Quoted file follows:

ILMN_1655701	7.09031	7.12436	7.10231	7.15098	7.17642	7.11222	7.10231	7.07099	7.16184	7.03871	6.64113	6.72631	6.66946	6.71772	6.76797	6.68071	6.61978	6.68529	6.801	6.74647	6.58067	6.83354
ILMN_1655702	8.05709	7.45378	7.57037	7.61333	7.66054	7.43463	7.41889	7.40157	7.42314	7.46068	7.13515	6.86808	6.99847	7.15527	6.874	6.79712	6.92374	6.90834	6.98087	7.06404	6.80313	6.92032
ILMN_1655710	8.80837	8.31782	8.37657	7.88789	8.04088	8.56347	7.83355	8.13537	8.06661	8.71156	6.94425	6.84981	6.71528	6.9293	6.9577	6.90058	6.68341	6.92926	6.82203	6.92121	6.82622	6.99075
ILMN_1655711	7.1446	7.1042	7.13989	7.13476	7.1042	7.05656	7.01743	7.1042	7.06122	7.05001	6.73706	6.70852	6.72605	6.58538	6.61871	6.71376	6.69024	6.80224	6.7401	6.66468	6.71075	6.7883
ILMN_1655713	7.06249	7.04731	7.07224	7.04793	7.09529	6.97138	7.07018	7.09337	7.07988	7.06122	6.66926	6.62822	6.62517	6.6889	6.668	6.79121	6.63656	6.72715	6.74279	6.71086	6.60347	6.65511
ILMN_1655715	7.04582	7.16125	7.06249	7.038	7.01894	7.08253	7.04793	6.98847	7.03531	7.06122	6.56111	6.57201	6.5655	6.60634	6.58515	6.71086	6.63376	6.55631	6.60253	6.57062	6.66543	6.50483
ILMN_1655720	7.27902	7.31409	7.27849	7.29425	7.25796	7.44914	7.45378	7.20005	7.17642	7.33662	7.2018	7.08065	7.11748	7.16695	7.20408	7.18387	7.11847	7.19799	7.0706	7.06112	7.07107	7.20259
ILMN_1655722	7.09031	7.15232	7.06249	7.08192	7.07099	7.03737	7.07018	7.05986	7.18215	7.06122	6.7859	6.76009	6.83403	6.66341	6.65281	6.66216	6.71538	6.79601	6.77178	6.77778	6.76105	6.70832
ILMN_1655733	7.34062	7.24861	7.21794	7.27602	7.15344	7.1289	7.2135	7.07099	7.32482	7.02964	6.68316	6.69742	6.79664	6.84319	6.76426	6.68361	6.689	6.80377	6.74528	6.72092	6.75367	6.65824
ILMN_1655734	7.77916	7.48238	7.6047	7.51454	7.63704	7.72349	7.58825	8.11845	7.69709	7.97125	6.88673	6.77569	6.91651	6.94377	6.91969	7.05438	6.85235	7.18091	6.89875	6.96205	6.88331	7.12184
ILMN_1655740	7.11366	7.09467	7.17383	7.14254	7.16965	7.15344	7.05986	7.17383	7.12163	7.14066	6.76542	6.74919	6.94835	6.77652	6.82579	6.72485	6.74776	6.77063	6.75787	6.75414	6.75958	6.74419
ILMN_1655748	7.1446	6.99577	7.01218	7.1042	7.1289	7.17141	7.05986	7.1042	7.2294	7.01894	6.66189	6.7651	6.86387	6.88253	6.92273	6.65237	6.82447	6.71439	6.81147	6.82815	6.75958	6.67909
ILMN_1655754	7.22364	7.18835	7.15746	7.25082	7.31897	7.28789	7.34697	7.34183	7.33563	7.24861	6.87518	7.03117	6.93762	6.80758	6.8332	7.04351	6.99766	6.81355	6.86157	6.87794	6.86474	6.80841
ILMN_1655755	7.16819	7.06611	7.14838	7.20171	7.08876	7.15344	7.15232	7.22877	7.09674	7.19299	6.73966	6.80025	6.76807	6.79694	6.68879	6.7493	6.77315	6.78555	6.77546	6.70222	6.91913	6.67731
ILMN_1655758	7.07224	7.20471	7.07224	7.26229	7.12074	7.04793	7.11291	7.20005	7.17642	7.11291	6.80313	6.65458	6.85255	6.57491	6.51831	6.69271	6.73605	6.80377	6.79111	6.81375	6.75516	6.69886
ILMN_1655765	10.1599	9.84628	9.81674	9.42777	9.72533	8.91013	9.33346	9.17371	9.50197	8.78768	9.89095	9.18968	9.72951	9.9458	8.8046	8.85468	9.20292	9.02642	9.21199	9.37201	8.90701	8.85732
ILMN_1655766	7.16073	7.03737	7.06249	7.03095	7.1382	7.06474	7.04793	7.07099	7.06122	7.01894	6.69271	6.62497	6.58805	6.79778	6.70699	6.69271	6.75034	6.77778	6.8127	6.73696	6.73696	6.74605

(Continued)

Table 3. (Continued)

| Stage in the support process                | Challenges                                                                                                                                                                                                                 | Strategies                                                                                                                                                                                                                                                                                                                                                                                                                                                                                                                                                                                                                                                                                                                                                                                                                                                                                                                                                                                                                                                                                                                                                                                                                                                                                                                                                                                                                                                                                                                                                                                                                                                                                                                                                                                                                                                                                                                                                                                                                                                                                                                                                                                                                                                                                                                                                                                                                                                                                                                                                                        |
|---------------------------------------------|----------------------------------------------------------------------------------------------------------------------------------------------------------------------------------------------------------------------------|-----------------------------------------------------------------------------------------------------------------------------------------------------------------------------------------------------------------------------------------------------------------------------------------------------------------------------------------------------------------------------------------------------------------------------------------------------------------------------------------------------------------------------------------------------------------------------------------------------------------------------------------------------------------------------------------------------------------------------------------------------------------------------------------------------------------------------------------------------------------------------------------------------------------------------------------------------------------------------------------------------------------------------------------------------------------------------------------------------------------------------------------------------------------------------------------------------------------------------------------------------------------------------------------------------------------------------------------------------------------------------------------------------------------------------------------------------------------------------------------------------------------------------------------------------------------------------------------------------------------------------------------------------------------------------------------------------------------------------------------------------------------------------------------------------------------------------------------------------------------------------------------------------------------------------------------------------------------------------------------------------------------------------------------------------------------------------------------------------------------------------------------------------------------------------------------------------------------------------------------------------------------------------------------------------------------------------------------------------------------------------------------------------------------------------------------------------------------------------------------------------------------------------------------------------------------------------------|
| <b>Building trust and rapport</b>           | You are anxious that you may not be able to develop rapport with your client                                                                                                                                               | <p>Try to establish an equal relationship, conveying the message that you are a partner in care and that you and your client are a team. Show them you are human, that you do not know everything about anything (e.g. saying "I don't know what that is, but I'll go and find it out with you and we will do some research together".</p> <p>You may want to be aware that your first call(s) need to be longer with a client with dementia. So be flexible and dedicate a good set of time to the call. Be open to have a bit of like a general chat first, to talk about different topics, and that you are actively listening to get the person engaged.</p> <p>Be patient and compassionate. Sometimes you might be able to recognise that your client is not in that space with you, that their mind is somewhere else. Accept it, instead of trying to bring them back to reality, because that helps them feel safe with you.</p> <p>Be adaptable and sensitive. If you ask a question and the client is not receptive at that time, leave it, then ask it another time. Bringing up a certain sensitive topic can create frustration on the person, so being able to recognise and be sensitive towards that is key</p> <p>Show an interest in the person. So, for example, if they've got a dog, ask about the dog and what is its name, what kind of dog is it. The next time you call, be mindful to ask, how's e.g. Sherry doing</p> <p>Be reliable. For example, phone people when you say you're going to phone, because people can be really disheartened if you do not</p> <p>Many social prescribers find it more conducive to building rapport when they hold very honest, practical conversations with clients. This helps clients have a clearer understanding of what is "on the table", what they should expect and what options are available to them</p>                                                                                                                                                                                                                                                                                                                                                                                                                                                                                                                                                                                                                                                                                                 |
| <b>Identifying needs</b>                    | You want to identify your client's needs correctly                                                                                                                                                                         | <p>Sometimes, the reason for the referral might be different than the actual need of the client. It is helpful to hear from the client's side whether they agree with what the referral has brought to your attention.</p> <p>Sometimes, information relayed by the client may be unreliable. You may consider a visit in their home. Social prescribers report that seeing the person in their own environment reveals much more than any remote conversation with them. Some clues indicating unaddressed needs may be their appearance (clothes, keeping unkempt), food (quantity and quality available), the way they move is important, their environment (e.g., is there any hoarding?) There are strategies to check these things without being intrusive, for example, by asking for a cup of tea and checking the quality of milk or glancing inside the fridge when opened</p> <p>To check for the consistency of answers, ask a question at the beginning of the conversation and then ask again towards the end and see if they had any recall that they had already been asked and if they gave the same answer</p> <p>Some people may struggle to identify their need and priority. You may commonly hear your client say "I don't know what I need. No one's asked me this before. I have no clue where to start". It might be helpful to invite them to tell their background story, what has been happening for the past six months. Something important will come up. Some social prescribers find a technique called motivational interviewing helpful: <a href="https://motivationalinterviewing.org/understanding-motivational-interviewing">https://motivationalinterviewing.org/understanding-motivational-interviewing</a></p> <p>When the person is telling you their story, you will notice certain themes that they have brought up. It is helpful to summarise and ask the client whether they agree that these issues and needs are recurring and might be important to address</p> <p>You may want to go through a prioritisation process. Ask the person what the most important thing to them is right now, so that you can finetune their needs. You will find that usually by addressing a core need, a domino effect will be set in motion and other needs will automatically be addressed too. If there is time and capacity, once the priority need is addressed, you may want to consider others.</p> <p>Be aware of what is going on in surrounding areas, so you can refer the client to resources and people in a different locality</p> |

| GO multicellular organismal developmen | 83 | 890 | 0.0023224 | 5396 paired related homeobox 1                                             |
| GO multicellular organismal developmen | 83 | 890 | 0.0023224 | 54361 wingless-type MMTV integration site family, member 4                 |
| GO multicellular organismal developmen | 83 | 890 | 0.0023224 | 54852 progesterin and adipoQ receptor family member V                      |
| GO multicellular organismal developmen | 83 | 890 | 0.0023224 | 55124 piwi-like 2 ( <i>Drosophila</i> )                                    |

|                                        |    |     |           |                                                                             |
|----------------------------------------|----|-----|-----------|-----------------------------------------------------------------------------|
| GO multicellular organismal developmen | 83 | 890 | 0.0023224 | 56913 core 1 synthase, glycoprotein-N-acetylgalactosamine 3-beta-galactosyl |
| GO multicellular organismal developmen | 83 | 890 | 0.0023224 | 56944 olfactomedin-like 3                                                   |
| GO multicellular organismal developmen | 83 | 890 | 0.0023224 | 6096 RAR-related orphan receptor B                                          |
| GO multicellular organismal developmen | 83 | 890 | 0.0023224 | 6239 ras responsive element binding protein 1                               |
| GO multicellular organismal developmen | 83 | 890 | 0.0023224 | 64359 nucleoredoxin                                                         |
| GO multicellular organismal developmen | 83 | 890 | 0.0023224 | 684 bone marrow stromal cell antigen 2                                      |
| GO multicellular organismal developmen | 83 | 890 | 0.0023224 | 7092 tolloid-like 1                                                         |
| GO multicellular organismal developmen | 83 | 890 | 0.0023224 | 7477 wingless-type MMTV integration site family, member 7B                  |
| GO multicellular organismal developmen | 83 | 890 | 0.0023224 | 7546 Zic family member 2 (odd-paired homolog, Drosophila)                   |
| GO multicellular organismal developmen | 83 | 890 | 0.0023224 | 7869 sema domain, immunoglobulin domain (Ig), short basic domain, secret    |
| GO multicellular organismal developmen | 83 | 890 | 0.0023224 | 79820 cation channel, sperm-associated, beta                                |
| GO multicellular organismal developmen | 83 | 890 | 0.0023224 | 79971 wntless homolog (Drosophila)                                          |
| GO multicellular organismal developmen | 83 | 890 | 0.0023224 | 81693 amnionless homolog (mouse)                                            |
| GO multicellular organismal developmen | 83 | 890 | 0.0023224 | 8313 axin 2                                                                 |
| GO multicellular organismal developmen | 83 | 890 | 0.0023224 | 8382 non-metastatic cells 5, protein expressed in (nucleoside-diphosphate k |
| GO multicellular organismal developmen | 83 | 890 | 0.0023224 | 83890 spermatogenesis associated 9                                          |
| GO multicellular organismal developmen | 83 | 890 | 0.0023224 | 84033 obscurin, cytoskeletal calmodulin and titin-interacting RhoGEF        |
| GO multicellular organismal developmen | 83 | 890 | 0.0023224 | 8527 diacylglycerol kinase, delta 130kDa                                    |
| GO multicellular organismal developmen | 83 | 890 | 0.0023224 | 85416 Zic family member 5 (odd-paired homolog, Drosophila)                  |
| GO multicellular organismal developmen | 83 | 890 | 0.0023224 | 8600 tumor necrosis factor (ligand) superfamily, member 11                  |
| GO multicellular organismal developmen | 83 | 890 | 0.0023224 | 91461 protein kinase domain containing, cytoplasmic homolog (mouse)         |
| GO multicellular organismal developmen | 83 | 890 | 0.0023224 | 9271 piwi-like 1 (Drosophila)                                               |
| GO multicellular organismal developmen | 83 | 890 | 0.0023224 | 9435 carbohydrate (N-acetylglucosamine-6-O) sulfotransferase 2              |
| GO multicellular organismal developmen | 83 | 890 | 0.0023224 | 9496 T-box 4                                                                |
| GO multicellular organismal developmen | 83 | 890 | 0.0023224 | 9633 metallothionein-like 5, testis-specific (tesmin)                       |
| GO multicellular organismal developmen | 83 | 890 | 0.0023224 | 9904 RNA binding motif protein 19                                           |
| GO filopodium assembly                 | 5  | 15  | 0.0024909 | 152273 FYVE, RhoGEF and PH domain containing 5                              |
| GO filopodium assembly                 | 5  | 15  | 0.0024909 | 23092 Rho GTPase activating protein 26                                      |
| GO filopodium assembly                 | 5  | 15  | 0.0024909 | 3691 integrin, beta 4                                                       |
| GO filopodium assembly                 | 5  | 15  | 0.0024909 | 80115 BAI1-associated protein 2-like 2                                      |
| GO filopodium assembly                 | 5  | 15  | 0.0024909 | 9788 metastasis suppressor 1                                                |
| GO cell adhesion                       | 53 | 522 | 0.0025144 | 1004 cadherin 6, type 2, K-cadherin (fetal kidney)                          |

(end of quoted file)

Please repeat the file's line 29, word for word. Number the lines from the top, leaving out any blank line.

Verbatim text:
|----------------------------------------|----|-----|-----------|-----------------------------------------------------------------------------|